Newspaper article The Christian Science Monitor

Nationalism and Nukes Ukraine's Leonid Kravchuk Seems Determined to Hold onto His Nuclear Card, and the US Should Be Just as Determined to Make Him Relinquish It

Newspaper article The Christian Science Monitor

Nationalism and Nukes Ukraine's Leonid Kravchuk Seems Determined to Hold onto His Nuclear Card, and the US Should Be Just as Determined to Make Him Relinquish It

Article excerpt

THE world received an implied threat of nuclear blackmail last month from a country whose president - supported by an Army infiltrated by officers loyal to the current regime - maintains an iron grip on the government and the economy.

North Korea? Libya? Iraq?

Hardly. The culprit is one of the newest members of the international community, Ukraine. President Leonid Kravchuk recently announced that he would not honor agreements to transfer nuclear missiles of the former Soviet Union to Russia unless Ukraine received payment for the fissionable materials in the weapons. The Ukrainian price for this "accommodation" - although it is better characterized as extortion - is in the range of $5 billion to $6 billion dollars, despite the fact this is 25 times the actual market worth of the uranium in the warheads.

Both President Bush and President-elect Clinton should act quickly and in concert. For while European and American attention has been fixed on Yugoslavia, an even more ominous situation has been developing in the former Soviet Union. The world has welcomed the dramatic changes brought about by Russian President Boris Yeltsin; now it is time to confront and oppose the policies of President Kravchuk, and America must take the lead.

We cannot treat Russia in isolation, nor can we assume any longer that Russia speaks for members of the Commonwealth of Independent States. Ukrainian policies are irresponsible and dangerous. They threaten the stability of Europe as well as the course of reform in Russia and the other republics.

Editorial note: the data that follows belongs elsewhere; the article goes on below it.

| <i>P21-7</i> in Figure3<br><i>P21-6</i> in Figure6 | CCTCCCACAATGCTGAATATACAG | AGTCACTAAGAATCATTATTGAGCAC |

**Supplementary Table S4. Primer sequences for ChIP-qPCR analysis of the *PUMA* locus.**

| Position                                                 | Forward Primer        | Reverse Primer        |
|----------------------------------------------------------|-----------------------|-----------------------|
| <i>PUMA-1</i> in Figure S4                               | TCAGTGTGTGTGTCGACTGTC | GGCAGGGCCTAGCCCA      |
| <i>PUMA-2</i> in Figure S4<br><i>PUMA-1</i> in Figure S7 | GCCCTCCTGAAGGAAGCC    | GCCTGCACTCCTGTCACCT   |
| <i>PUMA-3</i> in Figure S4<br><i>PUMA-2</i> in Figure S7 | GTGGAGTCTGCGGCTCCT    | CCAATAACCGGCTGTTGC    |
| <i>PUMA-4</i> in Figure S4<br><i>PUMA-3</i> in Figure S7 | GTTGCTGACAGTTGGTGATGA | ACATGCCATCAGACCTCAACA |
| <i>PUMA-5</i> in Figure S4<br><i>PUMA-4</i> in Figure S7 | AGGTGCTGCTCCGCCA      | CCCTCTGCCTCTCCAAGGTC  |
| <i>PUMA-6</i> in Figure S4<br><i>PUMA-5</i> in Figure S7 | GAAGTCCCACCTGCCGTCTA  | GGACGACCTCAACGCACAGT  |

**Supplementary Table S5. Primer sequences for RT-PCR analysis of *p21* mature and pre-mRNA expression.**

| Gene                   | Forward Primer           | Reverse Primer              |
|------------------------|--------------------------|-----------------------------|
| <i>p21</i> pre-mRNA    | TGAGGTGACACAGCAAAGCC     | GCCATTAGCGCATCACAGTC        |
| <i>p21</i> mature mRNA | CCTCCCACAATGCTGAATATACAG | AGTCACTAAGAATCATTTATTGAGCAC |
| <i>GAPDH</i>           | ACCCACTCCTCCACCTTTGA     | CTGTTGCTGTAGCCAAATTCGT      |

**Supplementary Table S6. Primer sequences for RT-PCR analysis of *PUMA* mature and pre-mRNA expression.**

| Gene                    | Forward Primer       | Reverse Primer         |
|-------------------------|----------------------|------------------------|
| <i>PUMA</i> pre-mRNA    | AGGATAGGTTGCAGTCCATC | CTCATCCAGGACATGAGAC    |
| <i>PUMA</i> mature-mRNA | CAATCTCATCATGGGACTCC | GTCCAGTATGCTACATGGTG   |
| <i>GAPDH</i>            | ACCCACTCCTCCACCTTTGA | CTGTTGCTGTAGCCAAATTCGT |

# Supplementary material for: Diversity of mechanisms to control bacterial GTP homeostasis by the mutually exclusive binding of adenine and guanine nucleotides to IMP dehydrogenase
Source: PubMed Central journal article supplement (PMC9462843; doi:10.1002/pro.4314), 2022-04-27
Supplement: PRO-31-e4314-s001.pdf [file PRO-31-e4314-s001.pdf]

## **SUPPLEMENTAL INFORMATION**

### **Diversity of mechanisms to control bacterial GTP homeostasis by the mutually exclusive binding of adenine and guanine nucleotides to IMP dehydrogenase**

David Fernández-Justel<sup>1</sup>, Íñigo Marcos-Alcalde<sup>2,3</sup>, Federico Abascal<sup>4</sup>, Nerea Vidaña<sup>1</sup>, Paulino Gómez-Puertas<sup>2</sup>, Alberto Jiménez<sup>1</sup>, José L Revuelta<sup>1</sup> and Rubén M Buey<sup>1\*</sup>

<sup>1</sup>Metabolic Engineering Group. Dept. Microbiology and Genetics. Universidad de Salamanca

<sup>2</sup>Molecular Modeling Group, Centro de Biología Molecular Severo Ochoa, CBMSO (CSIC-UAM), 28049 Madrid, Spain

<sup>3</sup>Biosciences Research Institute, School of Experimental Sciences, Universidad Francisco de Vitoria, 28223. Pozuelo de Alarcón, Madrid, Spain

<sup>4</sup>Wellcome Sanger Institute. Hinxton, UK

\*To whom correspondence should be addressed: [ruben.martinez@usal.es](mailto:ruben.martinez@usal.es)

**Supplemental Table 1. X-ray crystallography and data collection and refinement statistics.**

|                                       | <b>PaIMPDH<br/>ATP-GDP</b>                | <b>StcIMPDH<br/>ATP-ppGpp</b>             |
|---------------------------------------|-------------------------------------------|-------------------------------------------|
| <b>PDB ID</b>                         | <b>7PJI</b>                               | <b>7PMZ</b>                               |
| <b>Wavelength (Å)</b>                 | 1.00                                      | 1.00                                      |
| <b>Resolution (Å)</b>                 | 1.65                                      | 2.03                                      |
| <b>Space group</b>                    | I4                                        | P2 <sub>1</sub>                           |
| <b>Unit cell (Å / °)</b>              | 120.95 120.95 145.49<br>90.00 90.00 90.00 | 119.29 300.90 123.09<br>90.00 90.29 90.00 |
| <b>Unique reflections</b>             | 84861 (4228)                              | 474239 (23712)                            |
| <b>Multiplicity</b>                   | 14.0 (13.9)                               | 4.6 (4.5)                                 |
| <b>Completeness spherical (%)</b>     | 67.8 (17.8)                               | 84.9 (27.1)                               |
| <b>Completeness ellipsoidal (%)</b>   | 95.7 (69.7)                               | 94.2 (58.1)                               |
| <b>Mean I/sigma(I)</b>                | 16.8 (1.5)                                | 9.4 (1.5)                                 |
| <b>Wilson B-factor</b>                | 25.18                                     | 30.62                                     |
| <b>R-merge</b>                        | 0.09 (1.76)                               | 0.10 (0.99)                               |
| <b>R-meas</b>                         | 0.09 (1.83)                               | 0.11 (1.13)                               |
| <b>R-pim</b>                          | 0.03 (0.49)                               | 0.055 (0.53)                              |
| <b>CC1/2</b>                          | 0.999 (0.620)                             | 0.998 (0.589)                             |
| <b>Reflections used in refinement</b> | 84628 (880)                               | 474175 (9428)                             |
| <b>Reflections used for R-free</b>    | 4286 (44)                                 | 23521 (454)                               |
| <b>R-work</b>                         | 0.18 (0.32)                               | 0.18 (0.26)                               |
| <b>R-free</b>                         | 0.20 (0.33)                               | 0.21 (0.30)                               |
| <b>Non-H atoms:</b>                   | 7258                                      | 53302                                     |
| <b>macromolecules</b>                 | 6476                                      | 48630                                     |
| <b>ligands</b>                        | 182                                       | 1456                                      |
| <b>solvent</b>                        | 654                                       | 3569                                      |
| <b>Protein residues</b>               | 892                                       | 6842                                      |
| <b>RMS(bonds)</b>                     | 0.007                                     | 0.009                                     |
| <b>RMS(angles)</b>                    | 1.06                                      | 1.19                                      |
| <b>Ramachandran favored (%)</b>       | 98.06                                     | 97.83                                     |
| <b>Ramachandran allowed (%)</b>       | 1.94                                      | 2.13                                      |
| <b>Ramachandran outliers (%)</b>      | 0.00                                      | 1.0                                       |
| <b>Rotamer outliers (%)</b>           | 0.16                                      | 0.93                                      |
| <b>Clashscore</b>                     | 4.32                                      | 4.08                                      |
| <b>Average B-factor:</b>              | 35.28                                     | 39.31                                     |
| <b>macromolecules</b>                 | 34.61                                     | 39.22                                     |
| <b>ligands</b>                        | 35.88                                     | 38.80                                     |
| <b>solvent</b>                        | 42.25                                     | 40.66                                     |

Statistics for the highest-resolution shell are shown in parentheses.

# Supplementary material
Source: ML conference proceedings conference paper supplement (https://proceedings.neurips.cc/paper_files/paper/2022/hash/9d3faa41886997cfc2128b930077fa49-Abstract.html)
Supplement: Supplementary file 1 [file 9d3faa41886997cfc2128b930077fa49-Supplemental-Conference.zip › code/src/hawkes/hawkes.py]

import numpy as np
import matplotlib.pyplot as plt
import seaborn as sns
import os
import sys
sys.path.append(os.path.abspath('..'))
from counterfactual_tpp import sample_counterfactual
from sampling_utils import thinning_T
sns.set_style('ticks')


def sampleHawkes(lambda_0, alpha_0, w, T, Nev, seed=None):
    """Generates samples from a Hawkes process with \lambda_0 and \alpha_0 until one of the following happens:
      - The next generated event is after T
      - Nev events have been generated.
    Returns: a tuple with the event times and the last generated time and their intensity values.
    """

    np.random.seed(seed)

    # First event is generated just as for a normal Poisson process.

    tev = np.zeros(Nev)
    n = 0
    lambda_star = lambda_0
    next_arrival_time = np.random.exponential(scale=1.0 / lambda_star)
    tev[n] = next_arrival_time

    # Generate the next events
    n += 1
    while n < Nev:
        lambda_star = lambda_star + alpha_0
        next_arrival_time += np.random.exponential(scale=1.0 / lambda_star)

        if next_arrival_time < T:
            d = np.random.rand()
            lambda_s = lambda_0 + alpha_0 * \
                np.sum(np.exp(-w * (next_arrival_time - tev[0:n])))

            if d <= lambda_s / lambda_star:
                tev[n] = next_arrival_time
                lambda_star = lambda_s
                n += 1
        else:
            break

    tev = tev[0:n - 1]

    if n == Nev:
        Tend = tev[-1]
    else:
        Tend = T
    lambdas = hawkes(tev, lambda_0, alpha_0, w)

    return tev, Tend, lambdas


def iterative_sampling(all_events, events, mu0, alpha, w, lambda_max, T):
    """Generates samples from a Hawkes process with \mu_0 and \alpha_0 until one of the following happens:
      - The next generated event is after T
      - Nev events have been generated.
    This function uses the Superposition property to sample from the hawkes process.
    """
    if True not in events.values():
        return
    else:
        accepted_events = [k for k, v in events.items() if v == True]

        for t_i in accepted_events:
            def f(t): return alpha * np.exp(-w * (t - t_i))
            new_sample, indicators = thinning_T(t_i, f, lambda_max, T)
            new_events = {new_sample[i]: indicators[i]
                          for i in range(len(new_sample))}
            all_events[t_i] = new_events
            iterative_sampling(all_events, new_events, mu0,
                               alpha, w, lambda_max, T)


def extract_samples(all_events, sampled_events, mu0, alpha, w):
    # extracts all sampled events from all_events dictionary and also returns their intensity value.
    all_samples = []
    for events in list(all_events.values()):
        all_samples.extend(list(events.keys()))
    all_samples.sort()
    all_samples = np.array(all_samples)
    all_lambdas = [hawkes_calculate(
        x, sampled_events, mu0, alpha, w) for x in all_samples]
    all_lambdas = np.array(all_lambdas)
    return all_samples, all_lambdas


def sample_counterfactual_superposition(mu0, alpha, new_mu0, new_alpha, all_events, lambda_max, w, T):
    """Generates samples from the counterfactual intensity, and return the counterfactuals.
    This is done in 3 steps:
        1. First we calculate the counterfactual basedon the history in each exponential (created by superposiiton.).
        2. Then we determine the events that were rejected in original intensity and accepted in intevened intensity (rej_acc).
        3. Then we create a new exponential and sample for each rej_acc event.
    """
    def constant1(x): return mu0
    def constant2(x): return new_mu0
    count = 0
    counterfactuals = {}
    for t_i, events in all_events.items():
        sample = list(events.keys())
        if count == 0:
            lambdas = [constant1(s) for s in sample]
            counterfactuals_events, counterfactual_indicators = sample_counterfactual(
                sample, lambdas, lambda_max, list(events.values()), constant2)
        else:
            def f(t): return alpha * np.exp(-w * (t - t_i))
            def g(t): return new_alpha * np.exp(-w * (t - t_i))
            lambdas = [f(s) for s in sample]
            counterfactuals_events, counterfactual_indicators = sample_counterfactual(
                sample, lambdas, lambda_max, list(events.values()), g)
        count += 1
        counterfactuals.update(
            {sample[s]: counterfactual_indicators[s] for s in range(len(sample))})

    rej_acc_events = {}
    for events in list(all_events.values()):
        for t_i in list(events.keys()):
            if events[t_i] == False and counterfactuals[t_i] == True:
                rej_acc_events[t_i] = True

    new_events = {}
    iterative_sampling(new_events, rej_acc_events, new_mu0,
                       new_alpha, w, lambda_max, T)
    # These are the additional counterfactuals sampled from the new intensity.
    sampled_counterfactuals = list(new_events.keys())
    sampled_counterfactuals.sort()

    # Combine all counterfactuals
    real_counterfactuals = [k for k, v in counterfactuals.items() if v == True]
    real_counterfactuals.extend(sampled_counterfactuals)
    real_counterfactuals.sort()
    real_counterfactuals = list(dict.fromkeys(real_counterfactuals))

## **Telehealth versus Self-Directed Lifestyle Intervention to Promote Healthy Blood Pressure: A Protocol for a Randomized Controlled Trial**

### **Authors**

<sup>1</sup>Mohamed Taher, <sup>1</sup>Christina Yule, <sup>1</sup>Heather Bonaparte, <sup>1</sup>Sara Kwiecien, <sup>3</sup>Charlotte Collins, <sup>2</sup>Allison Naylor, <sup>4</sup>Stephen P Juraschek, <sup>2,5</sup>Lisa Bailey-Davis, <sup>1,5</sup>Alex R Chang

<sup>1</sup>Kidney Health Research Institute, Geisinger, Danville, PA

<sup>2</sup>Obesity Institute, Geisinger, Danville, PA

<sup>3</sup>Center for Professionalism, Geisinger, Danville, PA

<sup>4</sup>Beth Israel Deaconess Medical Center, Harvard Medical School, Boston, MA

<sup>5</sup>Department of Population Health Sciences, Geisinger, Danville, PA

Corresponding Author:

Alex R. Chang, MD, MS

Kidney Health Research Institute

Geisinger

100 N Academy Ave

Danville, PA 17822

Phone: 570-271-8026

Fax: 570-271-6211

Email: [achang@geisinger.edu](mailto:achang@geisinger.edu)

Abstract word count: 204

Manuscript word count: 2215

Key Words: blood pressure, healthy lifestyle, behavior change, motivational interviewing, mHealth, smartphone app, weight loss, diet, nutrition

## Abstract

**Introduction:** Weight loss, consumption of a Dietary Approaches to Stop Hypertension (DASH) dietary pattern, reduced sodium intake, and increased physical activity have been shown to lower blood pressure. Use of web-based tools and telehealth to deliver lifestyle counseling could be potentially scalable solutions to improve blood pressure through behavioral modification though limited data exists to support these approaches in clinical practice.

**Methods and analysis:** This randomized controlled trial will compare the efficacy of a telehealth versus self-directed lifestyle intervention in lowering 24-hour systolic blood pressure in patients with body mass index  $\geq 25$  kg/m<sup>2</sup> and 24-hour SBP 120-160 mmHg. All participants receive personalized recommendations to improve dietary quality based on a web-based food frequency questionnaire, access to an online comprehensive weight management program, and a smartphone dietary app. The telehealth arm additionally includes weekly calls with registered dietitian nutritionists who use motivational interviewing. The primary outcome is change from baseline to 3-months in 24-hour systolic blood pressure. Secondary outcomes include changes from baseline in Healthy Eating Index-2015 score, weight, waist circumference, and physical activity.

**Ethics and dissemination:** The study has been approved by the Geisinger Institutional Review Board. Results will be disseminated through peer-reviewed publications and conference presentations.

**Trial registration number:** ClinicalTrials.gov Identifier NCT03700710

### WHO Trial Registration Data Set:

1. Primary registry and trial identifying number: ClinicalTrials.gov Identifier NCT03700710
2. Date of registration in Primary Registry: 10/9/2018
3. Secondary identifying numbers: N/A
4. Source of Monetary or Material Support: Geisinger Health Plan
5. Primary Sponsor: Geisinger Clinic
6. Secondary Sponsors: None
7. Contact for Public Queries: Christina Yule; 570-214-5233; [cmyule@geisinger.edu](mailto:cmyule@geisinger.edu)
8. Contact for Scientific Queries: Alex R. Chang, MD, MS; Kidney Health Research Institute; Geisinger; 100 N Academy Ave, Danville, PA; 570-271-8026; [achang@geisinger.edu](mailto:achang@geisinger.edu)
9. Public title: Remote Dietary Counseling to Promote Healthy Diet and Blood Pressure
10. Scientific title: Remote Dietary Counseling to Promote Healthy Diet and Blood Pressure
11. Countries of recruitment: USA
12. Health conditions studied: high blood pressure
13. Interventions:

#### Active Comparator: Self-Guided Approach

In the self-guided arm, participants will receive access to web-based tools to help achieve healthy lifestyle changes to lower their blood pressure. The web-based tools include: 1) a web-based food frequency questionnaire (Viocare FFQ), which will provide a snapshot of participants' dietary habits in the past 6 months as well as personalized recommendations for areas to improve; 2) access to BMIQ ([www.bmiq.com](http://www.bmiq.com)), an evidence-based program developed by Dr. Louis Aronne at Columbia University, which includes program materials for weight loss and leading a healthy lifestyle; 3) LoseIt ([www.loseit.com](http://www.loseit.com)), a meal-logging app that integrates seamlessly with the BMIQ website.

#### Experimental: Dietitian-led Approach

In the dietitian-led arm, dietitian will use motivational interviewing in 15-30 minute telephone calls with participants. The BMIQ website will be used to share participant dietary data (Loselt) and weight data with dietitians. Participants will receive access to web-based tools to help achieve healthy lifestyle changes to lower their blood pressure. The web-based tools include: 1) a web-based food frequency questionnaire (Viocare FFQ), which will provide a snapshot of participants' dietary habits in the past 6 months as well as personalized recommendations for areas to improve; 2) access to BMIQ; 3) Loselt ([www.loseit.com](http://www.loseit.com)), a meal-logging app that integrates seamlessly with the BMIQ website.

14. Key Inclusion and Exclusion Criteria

There is growing evidence that Ukraine is intent on becoming a first-rate conventional military power. The Ukrainian armed forces will number nearly a half-million by 1994 and are already equipped with Soviet arms from tanks to state-of-the-art fighter aircraft. The Ukrainians are also aggressively commandeering personnel for their new military from all branches of the former Soviet military. They deport any commonwealth officers who refuse to swear an oath of allegiance to Ukraine.

Most worrisome are signs that the Ukrainians are looking for a loophole in their agreement to centralize nuclear weapons under commonwealth control and eventually transfer the weapons to Russia, which was acknowledged even within the commonwealth as the USSR successor state. Even before the latest nuclear threat, Ukraine tried to enforce its loyalty oath among personnel of the commonwealth strategic nuclear forces located on Ukrainian territory. The Ukrainians refused to allow the Russians to deactivate Ukrainian missiles. All this prompted strong protest from General Iurii Maksimov, commander of the commonwealth's nuclear forces, who told Isvestia last summer that the previous dispute over ownership of the Black Sea fleet will "look like child's play compared with the struggle for possession of the strategic nuclear missiles" in Ukraine. …

Search by... Author
Show... All Results Primary Sources Peer-reviewed

Oops!

An unknown error has occurred. Please click the button below to reload the page. If the problem persists, please try again in a little while.